From Mike Clark, world-renowned jazz and funk drummer who played with Herbie Hancock's "The Headhunters" in the 70s.

I first met Bob in Oakland. I had gone to his house years ago to meet him after hearing about what a great musician he was from a mutual friend. Within the first few minutes of walking in the door, over a strong cup of coffee, we started talking music and every period of jazz we could think of—Bob knows our musical history on a profound level. Then we moved on to his studio where he had at least three or four sets of drums, and some of the finest cymbals I have ever played. When we started playing, I immediately I knew this guy had an immense talent and had been playing his entire life. He addressed be bop, post bop and more. I was delighted—playing with an accomplished peer is always a joy—and we played for hours! Bob Kaufman is a natural musician, and one of our greatest drummers. He is also a natural teacher which is a rare gift.

—Mike Clark

From Max Gaenslen, drummer and former student


Thank you so much for your email. You made my day. It has long been on my bucket list to make contact and let you know how much you’ve meant to me over the years. I studied with you in your basement in Richmond, CA (that room had a magic) for probably two or three years, circa ’94-’96. It is a regret of mine that I didn’t study with you longer.

One lesson I came into the room and you had your CD player repeating a brief segment of a drum intro, I’m pretty sure it was Roy Haynes’ ‘Snap Crackle’ from Out of the Afternoon. We spent the whole lesson working on one brief phrase. You were amazing; you would tell me that I needed to lay a little further back on one offbeat 8th note, but another one was closer to right down the middle—you could hear exactly where I put everything (being listened to that deeply is an amazing thing). You really got me listening to where I put, and how I shaded every note. Your lessons are with me every time I practice. It’s so much more satisfying to practice slow and make every note land beautifully than to try to ram a bunch of notes.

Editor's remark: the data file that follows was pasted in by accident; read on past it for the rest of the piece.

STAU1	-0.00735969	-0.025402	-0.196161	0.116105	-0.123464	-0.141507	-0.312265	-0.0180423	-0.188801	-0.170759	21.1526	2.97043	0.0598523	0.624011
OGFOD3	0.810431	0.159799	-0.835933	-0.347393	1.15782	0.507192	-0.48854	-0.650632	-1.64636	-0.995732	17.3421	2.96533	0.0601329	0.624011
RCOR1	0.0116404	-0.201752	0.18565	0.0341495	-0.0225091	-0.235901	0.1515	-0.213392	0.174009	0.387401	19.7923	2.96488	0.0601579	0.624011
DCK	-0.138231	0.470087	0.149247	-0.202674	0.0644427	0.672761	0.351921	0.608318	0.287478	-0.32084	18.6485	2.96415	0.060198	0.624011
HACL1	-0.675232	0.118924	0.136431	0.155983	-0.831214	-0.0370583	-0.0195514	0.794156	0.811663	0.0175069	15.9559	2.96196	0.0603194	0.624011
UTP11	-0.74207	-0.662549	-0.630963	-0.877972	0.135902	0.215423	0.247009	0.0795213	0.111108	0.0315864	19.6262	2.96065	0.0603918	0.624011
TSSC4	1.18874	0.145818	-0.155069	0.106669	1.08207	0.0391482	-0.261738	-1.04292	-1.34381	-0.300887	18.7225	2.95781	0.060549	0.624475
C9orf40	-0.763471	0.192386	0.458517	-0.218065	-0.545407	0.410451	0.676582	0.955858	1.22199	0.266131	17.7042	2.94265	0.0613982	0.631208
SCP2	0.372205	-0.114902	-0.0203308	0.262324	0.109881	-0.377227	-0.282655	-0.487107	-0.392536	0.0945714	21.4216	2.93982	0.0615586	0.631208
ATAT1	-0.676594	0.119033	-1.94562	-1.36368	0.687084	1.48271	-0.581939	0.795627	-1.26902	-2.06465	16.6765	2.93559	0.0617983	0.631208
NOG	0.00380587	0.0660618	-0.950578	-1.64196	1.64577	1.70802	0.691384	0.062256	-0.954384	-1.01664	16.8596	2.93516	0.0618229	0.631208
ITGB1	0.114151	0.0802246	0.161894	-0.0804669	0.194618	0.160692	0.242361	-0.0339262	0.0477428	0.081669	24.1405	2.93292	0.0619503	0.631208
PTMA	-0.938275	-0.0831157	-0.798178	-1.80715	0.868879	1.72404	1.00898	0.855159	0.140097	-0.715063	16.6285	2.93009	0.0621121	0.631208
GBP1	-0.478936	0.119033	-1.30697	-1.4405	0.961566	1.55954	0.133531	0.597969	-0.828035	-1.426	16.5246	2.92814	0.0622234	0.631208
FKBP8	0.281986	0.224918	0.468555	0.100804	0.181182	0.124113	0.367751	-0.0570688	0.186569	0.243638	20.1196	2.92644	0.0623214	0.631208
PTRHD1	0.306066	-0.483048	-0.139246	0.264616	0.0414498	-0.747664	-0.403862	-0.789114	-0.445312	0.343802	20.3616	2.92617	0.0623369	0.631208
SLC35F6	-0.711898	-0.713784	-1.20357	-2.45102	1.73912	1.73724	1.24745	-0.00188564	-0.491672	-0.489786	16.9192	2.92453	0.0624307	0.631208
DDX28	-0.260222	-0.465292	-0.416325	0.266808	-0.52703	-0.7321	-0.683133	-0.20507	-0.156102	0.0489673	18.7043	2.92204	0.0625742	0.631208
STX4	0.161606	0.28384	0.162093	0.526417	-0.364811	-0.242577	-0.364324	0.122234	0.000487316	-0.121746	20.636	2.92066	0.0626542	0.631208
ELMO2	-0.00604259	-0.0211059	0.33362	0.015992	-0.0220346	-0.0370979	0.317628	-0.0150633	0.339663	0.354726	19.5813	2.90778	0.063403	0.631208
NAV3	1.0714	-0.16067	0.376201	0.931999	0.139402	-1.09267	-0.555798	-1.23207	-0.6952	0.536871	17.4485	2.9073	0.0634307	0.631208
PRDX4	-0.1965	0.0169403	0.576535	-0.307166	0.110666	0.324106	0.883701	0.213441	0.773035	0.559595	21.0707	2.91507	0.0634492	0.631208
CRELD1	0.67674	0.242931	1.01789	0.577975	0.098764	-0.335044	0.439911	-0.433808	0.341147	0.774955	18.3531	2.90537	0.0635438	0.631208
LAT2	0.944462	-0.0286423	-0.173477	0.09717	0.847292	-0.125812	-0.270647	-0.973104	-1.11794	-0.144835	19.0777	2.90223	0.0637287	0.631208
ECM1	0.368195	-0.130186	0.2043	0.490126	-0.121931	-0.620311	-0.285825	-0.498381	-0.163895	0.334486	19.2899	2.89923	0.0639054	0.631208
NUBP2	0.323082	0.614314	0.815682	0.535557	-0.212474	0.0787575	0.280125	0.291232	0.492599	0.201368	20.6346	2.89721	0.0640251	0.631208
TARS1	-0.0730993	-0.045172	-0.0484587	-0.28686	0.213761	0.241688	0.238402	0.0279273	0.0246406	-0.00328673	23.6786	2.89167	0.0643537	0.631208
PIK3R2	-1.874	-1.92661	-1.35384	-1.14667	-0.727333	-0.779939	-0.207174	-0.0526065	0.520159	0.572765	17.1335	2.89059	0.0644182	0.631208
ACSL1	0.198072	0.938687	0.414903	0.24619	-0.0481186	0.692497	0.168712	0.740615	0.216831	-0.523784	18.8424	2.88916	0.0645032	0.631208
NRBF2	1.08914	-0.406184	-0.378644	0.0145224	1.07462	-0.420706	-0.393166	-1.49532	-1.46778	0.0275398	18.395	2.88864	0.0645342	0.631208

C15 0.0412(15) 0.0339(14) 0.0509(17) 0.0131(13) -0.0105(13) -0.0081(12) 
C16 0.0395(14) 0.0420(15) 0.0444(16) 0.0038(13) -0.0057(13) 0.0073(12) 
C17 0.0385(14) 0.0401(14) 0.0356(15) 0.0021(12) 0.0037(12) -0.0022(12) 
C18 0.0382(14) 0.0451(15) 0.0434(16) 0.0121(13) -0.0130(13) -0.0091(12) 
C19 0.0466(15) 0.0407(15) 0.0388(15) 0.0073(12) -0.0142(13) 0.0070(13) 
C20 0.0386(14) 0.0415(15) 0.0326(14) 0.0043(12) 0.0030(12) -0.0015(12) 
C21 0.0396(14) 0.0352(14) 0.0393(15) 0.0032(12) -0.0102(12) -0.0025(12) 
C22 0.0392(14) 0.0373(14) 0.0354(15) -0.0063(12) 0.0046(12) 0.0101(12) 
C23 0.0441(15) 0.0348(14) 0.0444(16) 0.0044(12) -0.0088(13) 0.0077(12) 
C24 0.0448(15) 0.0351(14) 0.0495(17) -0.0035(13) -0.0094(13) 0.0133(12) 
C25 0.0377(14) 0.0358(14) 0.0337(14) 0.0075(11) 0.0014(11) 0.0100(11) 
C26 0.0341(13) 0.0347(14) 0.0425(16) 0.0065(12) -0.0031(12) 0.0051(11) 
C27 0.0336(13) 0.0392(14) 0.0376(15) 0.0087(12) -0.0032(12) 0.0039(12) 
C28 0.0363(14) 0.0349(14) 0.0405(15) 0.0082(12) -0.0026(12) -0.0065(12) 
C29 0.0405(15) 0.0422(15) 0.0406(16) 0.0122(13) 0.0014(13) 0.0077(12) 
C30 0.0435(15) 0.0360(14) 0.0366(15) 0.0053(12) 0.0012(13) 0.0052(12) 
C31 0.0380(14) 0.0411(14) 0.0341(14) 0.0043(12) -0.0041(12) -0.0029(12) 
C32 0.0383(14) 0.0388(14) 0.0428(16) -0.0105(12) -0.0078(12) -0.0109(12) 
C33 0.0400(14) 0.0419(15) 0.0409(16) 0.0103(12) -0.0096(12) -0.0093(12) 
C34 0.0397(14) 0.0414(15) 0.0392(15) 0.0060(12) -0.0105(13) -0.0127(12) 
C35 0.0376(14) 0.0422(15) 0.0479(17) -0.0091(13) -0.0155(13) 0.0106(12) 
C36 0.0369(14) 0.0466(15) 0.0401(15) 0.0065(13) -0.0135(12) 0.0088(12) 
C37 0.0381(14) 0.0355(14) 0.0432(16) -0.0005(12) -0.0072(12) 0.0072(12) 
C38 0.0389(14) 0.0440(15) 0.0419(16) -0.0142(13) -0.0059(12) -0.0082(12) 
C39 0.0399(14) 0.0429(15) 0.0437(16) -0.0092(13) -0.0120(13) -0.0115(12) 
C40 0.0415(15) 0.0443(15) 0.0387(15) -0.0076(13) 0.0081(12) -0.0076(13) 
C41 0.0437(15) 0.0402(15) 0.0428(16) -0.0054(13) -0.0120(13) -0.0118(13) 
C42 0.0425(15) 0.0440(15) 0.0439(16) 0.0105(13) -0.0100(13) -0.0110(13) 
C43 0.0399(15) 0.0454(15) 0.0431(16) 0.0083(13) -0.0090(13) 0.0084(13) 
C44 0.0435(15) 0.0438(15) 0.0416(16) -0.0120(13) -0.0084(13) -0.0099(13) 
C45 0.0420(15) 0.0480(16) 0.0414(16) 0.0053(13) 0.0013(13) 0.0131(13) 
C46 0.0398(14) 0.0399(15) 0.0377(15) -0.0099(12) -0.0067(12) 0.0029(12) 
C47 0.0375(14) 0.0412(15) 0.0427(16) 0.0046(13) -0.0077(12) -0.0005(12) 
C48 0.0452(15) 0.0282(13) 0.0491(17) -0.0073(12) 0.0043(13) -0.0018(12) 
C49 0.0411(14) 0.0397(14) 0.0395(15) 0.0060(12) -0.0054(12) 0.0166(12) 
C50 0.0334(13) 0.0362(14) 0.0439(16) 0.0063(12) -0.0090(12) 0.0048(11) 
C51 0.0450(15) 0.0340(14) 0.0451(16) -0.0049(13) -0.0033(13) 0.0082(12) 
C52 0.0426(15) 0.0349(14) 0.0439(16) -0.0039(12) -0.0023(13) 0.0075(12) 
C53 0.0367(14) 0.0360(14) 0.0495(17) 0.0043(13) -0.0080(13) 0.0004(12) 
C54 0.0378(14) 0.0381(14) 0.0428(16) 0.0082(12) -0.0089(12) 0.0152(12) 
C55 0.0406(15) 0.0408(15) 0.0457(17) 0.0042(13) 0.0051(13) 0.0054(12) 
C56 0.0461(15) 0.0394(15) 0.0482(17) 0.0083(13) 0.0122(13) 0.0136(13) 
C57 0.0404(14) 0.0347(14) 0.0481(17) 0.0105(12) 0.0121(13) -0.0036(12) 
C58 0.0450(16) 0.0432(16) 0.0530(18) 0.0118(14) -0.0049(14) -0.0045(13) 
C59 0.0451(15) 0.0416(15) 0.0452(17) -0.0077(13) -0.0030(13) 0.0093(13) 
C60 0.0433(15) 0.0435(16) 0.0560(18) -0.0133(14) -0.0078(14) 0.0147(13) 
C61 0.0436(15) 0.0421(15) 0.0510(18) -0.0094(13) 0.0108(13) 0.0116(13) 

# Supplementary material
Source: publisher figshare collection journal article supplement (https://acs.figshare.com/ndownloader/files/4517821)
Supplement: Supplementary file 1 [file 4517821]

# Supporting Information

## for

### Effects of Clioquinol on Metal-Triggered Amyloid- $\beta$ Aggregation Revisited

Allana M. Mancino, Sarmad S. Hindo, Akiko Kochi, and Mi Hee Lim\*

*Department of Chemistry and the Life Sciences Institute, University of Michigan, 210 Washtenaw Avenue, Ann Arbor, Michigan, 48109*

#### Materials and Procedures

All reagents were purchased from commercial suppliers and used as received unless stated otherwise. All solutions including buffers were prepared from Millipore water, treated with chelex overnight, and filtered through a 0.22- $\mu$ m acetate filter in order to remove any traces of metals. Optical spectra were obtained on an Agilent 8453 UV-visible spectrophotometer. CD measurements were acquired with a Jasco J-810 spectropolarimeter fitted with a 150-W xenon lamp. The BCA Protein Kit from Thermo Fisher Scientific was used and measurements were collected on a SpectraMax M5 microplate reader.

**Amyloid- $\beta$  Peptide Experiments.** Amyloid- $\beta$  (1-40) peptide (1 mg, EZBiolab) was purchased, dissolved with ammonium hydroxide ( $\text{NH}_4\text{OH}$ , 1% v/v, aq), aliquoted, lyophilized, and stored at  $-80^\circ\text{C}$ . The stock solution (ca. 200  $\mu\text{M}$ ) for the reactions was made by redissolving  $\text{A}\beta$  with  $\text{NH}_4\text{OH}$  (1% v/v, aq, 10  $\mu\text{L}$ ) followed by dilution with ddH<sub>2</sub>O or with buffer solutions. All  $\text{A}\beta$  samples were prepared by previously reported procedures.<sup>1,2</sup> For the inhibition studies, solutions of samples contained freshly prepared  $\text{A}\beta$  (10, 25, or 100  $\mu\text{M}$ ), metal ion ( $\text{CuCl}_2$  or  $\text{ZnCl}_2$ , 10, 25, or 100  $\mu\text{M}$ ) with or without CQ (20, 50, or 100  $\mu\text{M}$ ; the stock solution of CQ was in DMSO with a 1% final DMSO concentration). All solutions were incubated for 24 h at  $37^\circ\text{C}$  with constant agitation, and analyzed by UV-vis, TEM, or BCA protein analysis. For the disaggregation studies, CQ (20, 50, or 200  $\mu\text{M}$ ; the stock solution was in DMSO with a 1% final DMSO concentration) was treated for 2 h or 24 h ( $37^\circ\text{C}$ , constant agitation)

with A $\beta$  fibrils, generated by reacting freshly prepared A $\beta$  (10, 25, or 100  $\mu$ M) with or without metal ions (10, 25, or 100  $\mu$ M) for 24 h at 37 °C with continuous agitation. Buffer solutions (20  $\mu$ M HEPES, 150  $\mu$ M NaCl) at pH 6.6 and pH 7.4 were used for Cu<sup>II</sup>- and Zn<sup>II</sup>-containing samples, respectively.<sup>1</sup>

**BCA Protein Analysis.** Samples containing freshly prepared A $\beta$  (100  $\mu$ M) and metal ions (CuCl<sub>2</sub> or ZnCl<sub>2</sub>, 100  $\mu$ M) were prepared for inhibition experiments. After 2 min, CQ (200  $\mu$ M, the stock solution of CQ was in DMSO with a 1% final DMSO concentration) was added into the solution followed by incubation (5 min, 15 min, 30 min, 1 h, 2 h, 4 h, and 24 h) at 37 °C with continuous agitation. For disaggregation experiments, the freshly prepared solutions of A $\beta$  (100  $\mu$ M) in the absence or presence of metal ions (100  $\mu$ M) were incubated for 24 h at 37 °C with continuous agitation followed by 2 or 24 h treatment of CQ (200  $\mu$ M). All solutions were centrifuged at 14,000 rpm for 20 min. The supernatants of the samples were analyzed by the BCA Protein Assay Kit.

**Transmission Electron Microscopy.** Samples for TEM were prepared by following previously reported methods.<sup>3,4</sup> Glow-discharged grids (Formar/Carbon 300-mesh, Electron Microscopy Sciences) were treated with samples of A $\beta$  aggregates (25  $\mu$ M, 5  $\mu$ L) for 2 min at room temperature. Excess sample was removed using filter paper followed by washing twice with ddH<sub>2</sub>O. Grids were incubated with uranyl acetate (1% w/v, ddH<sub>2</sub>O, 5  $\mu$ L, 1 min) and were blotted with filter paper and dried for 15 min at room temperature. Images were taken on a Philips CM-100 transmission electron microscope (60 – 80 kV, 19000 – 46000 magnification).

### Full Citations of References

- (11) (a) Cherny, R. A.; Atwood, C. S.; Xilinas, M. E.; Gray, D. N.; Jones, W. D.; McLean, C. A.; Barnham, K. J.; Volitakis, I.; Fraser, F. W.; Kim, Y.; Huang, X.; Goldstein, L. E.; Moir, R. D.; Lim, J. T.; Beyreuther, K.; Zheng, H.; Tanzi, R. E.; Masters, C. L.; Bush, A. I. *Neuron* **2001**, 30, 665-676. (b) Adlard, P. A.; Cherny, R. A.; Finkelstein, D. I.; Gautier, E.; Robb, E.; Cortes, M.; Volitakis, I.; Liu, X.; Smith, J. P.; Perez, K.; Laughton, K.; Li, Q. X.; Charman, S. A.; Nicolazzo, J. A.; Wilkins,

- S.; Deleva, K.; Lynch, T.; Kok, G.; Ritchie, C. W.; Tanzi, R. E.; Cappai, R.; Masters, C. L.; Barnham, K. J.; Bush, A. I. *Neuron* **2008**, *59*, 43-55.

We would sometimes have evenings at your house in which you’d invite a few students over to sit in with your Threedom trio. Sometimes we’d all prepare a tune, like Softly . . . , then discuss what happened with each person’s rendition. One time I dropped into something where I could just hear exactly how my ride cymbal should fall with Bill’s quarter notes on the bass—and that, with the hi-hat on two and four, was basically all I played. I was hardly “doing” anything, but it was some of my best playing ever. I’d heard all the adages like: less is more, serve the music, it’s not about you. But I didn’t get it until I got it. And when I got it, it was in service to something larger.

You really taught me how to listen to myself, and how to make that resonate with the larger context. And that has transcended the drums.

Thank you from the bottom of my heart.

Lots of love,



From Jeffrey Lien, drummer, educator, and former student